cess of fermentation.
Produce Yeast
Without the product of fermen-
tation, yeast, it would be im-
possible to make beer, wine and
bread, Prof. Bates pointed out,
adding, "you see, germs are im-
portant to man."
Contrary to the general concept
that germs are isolated in a pri-
vate, one - celled world, he ex-
plained, germs are found every-'
where, filling the soil, air, water
and even the human body.
To illustrate his idea, he citedj

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the example of dust particles in a
beam of sunlight. "The dust it-
self is inorganic," he said, "it has
never lived, but riding on the dust
are thousands of niicrobes.";.
relationship Present
The prevalence of microbes
makes it obvious that there must
be some relationship, he said, be-
tween the world of germs and the
human world.
The "symbiotic" relationship ap-
pears when one studies digestive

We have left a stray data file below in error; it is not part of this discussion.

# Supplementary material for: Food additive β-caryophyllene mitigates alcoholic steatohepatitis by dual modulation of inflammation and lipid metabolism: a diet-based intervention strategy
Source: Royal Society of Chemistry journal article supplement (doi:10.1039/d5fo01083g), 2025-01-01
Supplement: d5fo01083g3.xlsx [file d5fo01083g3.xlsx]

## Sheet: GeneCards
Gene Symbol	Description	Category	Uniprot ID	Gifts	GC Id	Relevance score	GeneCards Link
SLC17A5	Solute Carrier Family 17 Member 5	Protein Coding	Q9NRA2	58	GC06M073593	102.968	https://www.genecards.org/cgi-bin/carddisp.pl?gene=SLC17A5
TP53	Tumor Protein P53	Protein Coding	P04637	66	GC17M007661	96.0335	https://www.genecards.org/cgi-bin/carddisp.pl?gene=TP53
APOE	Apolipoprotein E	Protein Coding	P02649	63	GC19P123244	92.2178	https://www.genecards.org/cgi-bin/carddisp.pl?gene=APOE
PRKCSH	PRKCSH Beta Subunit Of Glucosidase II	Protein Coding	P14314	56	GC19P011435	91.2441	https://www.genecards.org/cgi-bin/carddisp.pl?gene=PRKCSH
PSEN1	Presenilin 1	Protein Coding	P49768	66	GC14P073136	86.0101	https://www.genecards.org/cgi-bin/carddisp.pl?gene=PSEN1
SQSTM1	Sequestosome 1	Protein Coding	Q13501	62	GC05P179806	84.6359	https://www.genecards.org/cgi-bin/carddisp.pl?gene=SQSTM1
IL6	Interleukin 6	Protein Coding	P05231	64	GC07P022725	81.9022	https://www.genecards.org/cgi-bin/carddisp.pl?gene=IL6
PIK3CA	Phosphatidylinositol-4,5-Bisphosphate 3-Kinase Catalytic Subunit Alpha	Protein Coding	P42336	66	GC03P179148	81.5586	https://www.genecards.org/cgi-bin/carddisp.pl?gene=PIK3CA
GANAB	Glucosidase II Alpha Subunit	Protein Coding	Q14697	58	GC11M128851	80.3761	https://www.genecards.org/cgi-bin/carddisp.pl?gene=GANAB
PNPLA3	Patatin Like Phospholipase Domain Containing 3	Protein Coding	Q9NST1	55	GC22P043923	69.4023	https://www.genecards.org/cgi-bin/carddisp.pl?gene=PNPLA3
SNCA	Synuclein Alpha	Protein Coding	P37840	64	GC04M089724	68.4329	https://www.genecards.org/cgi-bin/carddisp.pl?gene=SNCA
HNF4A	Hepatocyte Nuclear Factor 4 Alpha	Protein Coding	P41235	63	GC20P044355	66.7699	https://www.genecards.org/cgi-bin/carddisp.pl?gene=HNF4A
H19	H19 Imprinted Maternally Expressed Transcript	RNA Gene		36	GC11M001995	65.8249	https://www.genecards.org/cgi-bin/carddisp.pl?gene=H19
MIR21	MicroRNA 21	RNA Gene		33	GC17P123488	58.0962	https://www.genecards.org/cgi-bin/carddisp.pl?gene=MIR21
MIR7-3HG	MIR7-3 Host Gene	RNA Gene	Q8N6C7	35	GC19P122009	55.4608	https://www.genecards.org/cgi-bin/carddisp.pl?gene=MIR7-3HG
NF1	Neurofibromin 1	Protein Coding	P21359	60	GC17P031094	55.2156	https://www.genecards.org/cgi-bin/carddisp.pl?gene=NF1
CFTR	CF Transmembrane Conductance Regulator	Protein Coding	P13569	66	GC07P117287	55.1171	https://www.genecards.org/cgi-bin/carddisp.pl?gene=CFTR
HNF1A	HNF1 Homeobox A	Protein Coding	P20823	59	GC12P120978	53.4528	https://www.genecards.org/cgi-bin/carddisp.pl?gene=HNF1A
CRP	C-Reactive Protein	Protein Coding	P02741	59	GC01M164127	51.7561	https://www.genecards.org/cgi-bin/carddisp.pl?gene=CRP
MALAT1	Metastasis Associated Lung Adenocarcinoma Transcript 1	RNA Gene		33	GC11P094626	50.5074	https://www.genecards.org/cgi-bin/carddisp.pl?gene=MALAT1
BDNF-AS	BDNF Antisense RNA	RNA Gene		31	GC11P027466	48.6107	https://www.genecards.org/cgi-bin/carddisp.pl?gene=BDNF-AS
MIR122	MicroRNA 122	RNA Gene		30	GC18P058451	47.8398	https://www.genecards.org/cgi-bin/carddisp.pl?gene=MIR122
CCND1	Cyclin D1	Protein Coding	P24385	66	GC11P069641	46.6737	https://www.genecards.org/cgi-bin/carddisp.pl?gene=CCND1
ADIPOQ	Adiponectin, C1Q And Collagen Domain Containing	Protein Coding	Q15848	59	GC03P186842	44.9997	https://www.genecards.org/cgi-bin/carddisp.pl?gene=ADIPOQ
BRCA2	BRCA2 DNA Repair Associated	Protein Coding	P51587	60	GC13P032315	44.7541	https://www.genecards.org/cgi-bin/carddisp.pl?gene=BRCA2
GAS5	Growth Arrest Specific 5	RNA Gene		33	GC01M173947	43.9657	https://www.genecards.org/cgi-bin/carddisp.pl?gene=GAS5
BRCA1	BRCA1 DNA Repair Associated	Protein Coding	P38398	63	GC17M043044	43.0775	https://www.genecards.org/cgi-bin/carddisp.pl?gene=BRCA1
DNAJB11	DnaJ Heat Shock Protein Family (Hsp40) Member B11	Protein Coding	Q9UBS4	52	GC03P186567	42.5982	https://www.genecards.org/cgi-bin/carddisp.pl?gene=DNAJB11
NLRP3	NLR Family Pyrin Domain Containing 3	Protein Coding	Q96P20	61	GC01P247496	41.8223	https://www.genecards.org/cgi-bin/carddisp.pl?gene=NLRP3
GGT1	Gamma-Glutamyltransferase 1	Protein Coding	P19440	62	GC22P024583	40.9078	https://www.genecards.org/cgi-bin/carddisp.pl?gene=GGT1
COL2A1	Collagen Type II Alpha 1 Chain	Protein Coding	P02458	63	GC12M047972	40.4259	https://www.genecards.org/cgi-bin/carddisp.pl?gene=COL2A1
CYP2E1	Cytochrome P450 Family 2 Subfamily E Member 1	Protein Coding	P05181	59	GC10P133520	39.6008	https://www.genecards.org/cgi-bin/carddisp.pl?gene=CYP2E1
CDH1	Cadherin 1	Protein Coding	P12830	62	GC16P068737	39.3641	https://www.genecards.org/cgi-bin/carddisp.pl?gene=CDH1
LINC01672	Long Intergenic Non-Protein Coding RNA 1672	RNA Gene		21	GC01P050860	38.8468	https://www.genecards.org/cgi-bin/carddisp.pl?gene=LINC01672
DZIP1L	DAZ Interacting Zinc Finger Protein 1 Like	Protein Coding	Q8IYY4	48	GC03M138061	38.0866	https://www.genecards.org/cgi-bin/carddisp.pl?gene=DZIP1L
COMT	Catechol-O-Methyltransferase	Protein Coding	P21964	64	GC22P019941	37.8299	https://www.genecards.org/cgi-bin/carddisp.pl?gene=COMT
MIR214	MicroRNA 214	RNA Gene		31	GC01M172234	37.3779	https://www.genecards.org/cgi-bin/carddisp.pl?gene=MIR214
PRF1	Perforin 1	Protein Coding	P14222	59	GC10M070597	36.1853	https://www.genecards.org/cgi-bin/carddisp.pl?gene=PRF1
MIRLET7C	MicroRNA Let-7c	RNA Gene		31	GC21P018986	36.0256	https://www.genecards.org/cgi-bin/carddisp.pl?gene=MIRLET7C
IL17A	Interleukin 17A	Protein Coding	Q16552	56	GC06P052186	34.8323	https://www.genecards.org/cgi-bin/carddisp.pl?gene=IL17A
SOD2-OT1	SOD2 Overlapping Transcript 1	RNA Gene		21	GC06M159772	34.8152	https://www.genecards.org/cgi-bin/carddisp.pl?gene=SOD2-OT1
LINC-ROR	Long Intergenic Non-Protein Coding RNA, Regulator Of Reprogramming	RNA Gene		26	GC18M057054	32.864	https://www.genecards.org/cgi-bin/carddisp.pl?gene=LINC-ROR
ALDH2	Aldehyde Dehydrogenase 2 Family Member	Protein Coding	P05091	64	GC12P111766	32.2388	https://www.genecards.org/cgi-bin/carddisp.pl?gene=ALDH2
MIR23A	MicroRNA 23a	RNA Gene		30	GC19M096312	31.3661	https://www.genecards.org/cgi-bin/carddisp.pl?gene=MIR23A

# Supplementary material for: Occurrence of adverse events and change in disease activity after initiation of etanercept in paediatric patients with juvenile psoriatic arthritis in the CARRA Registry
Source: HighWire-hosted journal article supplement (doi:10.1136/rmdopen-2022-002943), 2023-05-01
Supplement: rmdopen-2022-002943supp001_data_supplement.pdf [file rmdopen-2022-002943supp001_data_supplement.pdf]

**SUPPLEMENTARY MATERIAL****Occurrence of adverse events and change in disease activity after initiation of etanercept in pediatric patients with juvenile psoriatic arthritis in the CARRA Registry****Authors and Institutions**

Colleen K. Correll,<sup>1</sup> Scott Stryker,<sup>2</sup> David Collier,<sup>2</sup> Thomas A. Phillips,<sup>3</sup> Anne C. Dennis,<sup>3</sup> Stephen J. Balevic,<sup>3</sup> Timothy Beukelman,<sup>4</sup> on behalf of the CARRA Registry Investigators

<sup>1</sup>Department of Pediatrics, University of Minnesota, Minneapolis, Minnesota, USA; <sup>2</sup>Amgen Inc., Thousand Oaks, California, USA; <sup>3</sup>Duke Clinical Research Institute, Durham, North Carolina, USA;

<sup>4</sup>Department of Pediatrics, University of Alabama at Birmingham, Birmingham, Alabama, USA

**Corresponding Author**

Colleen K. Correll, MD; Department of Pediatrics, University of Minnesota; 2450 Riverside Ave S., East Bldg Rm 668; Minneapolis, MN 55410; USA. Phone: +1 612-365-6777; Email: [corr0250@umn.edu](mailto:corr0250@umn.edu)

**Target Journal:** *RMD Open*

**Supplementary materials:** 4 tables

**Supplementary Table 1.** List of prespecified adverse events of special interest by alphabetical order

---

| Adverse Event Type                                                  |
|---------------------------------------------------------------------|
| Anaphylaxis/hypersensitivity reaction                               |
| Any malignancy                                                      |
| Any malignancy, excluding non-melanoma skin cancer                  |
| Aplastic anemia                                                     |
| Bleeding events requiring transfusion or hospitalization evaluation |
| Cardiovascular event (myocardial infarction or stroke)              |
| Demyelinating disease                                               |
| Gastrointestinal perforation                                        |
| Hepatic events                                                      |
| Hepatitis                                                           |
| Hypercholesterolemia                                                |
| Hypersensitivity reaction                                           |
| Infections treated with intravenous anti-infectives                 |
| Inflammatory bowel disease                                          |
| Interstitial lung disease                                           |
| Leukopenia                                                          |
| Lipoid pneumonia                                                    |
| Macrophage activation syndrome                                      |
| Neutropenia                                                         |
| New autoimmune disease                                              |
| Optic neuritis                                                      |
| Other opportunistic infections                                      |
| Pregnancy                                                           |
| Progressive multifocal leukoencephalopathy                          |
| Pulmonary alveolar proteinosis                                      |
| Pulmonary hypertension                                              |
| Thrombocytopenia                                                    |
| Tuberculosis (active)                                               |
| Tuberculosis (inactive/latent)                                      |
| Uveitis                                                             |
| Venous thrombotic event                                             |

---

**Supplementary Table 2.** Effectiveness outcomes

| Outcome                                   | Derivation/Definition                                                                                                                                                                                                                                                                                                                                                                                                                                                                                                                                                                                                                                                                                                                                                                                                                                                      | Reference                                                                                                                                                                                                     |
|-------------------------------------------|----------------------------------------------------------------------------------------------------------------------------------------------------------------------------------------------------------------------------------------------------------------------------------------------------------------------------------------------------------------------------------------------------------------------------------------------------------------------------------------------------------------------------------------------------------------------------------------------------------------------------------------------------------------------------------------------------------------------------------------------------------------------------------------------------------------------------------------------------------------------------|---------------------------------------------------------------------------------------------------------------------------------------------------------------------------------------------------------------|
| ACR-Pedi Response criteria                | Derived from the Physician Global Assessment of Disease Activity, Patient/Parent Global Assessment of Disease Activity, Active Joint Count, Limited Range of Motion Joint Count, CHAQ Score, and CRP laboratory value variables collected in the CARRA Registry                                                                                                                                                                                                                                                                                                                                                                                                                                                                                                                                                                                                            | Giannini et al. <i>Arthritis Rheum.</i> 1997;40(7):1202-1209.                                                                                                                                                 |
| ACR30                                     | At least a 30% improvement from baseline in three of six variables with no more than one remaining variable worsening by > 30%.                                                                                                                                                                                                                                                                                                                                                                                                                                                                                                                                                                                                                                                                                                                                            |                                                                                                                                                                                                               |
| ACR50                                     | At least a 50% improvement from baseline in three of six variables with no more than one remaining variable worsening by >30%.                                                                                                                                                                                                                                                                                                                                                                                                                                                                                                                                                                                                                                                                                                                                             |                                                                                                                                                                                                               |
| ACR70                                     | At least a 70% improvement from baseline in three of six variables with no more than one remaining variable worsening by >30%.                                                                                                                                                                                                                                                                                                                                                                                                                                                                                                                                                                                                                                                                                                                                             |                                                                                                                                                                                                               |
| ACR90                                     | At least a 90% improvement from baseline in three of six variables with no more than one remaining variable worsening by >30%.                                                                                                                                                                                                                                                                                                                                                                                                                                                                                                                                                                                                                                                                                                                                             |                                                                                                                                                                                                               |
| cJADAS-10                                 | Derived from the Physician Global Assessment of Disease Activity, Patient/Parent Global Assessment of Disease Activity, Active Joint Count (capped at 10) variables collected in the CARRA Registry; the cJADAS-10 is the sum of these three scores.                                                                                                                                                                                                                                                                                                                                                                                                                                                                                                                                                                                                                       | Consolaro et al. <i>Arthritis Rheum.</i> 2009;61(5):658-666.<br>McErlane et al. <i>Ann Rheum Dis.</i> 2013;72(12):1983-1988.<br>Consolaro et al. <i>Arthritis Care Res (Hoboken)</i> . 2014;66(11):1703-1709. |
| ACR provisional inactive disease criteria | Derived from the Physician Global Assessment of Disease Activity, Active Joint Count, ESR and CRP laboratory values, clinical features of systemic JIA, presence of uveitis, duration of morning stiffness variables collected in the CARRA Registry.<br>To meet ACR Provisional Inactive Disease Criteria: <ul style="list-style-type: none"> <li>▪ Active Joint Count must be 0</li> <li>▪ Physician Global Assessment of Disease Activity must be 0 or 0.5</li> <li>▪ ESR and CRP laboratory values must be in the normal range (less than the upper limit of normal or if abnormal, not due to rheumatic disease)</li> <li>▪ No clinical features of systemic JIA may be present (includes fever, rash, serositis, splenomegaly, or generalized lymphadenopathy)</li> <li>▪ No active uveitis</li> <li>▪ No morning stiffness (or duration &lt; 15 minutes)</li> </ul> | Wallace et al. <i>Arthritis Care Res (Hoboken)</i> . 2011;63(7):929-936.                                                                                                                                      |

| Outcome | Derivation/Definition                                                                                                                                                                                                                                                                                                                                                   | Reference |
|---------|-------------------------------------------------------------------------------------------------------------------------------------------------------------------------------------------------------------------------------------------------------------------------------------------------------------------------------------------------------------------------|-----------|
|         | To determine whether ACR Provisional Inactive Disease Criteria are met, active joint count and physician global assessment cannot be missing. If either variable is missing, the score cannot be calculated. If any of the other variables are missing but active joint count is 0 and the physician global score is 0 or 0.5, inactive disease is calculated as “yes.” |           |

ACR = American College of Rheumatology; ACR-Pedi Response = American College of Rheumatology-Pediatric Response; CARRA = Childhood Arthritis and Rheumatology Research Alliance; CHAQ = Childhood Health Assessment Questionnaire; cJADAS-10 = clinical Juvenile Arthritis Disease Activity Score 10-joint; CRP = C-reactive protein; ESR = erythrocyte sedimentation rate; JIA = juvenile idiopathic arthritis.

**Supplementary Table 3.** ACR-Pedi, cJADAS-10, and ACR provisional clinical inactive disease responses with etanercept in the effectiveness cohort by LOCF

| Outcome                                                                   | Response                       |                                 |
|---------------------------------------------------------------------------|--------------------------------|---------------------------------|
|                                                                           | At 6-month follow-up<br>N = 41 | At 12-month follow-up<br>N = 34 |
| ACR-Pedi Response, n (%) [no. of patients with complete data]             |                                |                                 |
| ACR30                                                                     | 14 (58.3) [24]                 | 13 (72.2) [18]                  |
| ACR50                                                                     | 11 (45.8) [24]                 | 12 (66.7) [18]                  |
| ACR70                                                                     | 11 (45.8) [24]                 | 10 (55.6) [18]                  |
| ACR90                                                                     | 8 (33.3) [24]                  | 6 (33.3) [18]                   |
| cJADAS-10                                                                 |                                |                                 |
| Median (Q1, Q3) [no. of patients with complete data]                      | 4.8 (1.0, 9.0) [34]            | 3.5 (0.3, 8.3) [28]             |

processes, Prof. Bates explained.
"Bacteria break down our food for
us and help in digestion; they
manufacture vitamins for us, and
help us get rid of wastes. We, in
turn, give them shelter and lodg-
ing."
Prof. Bates used the example of
the cow as typical of the germ-
animal relationship, saying "the
cow literally couldn't eat unless
the germs were in her to ferment
the grass and help her digest It."
Vital to Marine Life
Plant and marine life, too, rely
on microbe action for their exist-
ence, as Prof. George Lauff of the
zoology department said.
"The seas are made up of water,
plants and fish but the most popu-
lar and populous thing in the sea
without which fish couldn'tlive,"
Prof. Lauff, said, "are tiny little
germs which scientists call plank-
ton, the pasture of the sea."
Prof. Lauff, who, as a limnol-